Patients treated at hospitals differ based on severity of illness, prognosis, treatment difficulty, need for intervention and resource intensity. Even though individual patients are unique, there are similarities among groups of patients. DRGs provide a method for classifying patients both in terms of their clinical similarity and the effort and cost required to provide treatment. Analysis of the patients by DRG helps us find differences (variance) in outcomes, quality, and costs of care. The number of DRG groups is also important. If there are too many DRG groups, there will be some with insufficient patient volume to provide statistical validity; if there are too few DRGs, the groups become too broadly defined, and important differences between the patients are concealed. Hence, the number of groups in most DRG systems is usually between 500 and 1000.
Because the average cost for treating a patient in a hospital cannot be directly compared with that of another hospital, DRGs use an index, called the Relative Weight, to measure the cost appropriate for treating patients in a DRG group relative to the average patient cost. If one hospital treats sicker patients than another hospital, one would expect its average cost per patient to be higher. The Case Mix Index (CMI), which is the average Relative Weight for all of a hospital’s patient volume, is a measure of how sick (on the average) the patients are in that hospital. By adjusting the hospital’s average cost by patient for its mix of patients (that is, by dividing by the hospital’s CMI), we get a value that can be used to compare one hospital’s efficiency with that of another.
For example, when comparing the
average cost of 17 hospitals as shown in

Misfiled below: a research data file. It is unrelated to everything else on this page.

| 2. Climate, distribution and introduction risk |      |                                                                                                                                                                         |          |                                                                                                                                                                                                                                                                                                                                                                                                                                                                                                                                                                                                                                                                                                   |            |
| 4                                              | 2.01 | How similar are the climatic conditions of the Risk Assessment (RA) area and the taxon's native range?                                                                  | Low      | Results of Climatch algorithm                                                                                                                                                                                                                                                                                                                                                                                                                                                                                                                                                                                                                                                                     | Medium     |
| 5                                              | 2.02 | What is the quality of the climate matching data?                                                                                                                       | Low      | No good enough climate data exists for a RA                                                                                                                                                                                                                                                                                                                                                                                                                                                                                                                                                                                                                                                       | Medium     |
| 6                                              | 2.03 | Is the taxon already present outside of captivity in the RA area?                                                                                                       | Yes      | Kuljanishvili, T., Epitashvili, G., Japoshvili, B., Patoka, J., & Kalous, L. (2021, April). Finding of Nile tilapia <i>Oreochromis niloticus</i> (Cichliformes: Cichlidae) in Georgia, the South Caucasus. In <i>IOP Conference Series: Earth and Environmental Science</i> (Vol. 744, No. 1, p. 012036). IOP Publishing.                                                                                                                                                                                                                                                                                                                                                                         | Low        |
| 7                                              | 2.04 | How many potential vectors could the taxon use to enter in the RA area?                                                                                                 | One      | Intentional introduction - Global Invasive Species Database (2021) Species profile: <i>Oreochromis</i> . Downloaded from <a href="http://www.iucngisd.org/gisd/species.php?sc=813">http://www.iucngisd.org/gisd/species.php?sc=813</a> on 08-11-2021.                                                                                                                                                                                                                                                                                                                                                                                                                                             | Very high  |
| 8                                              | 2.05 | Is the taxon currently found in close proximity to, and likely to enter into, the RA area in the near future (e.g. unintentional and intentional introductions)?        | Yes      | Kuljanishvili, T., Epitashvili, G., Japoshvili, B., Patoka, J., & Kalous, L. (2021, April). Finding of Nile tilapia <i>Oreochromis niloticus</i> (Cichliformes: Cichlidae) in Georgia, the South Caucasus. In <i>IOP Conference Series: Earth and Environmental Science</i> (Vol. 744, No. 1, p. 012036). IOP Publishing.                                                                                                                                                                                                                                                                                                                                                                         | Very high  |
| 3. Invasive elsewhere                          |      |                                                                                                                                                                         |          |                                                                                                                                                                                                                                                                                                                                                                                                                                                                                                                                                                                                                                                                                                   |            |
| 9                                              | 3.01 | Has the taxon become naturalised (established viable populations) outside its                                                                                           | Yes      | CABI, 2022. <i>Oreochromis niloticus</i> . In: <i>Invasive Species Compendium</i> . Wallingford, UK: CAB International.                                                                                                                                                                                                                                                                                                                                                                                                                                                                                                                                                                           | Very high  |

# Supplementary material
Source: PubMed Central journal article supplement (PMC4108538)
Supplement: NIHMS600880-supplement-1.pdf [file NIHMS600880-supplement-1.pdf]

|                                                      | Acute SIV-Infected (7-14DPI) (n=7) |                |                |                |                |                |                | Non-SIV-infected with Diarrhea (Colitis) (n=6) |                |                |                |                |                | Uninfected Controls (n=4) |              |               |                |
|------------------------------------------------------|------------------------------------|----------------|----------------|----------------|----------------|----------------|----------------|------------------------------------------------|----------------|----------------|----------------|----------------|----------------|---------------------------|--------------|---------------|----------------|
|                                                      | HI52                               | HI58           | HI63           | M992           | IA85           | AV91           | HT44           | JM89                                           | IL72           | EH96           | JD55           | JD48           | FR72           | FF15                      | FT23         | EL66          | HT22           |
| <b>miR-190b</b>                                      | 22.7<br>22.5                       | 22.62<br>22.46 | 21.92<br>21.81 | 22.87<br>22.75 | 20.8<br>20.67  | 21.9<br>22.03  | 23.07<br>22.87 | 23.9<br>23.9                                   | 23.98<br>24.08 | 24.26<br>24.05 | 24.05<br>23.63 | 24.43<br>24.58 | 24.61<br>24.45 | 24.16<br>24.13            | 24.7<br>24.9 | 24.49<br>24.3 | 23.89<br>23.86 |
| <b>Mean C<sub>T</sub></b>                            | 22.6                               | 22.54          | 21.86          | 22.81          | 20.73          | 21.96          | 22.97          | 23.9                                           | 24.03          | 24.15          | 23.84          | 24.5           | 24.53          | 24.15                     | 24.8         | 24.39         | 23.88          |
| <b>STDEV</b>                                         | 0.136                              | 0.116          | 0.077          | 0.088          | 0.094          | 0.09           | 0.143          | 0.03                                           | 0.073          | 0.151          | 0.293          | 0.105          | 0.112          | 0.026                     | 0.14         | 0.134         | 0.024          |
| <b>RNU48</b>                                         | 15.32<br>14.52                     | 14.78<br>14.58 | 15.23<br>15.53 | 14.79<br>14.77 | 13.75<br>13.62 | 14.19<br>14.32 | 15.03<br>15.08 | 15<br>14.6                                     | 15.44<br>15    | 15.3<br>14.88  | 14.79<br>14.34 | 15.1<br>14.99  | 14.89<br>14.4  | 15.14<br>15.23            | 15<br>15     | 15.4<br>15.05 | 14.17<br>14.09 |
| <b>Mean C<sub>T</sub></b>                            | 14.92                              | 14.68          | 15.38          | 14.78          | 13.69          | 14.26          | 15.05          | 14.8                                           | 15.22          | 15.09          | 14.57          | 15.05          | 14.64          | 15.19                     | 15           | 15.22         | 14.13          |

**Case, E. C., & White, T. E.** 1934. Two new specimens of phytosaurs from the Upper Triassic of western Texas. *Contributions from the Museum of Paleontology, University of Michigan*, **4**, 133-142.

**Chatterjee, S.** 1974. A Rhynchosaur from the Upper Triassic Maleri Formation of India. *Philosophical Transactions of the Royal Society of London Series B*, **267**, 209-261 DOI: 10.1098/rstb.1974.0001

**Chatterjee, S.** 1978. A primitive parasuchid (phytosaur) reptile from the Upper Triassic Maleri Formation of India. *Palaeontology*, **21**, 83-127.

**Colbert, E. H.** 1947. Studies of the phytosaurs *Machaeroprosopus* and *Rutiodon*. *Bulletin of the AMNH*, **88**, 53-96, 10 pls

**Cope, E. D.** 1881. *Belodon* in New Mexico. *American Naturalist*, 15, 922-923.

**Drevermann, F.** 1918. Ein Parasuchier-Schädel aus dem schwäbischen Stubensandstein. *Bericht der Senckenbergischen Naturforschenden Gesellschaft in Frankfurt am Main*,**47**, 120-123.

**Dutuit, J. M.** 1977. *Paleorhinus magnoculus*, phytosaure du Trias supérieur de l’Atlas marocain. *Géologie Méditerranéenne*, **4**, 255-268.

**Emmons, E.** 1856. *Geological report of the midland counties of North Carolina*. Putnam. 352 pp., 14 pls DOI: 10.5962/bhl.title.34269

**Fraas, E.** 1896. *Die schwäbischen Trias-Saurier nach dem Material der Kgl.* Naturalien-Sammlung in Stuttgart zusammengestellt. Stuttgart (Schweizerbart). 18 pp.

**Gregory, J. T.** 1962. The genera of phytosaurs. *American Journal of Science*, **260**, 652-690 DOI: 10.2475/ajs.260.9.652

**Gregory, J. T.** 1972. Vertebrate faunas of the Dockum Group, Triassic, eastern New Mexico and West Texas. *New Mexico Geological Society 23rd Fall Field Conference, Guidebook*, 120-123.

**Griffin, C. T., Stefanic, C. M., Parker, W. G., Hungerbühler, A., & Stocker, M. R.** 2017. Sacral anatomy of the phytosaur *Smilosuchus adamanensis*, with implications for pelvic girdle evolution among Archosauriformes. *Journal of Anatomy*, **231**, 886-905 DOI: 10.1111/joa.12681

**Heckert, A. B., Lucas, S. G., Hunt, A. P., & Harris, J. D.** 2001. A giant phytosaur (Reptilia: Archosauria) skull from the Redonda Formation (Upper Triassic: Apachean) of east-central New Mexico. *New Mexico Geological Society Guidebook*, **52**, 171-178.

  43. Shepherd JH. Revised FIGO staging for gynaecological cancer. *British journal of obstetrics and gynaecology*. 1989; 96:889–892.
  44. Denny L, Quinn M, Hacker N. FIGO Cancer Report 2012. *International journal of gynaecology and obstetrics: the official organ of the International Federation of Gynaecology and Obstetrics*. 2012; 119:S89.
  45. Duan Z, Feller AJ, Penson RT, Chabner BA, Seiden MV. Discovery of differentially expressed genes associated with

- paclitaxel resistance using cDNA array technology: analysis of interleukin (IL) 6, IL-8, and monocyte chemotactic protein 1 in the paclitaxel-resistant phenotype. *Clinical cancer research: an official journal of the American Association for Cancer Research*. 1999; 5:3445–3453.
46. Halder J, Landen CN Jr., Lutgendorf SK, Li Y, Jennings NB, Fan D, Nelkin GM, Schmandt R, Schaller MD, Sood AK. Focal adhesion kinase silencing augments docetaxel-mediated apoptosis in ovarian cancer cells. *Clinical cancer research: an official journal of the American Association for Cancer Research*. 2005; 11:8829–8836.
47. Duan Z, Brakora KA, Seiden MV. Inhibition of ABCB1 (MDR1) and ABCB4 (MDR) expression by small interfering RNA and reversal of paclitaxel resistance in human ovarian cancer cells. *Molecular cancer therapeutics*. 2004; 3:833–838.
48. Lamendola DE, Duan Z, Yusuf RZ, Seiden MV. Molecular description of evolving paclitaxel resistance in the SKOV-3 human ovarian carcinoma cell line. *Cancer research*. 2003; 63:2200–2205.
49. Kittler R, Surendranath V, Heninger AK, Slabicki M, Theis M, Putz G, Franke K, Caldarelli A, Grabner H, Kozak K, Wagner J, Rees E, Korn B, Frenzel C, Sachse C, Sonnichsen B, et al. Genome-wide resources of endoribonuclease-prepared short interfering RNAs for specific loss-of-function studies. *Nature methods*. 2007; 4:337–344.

the chart below, Hospital 14 appears to
have the highest overall average cost (see
the blue line). However, when the average
cost is adjusted for the type of patients
actually treated (its case mix) then the
picture changes as shown in the red line
and the average costs for Hospital 14 are
more in line with the overall average, once
adjusted for the hospital’s case mix.
DRGs utilise information routinely collected in developed health care systems (i.e., diagnoses and procedure codes, age, sex, length of stay, discharge disposition, and birth weight for infants). In countries where DRGs are used for payment, a standardised coded minimum data set is collected from all hospitals and there is increased emphasis on accurate, consistent, and complete medical record documentation and coding. DRG assignment and reimbursement are directly dependent on coding quality. As a critical prerequisite for introducing DRGs as a means of payment, the Health Authority Abu Dhabi therefore spent considerable amounts of time and effort to first establish the collection of these standardised data (diagnoses and procedures) in an electronic format on a routine basis from all providers.
The coding of diagnoses and procedures after a patient is discharged from the hospital is usually done by trained medical records coders who are familiar with standard disease classifications like ICD-9-CM or ICD-10 (as defined by the World Health Organisation). In the US, Canada and Australia the typical ratio of coders to number of hospital beds is 1:50 (however, this can vary based on what the responsibilities of the coders include).
Coders and workload
By comparison, many hospitals in the Gulf region have too few coders to keep up with the work load and lack coding software to help increase accuracy and consistency. As GCC hospitals begin to prepare for the adoption DRGs (in some form), they will need to train their physicians to improve their chart documentation (e.g., include complications and co-morbidities along with the primary or principal diagnosis, relevant secondary diagnoses and all significant procedures) and invest in coder education, more coders and coding tools. The Health Authority Abu Dhabi in this case has been non-prescriptive as to who codes and how (input), but has put a heavy emphasis on coding audits and certification to ensure quality output. With the collection of accurate and complete coded patient data, DRGs can provide a view into what is going on within hospitals and between hospitals and physicians.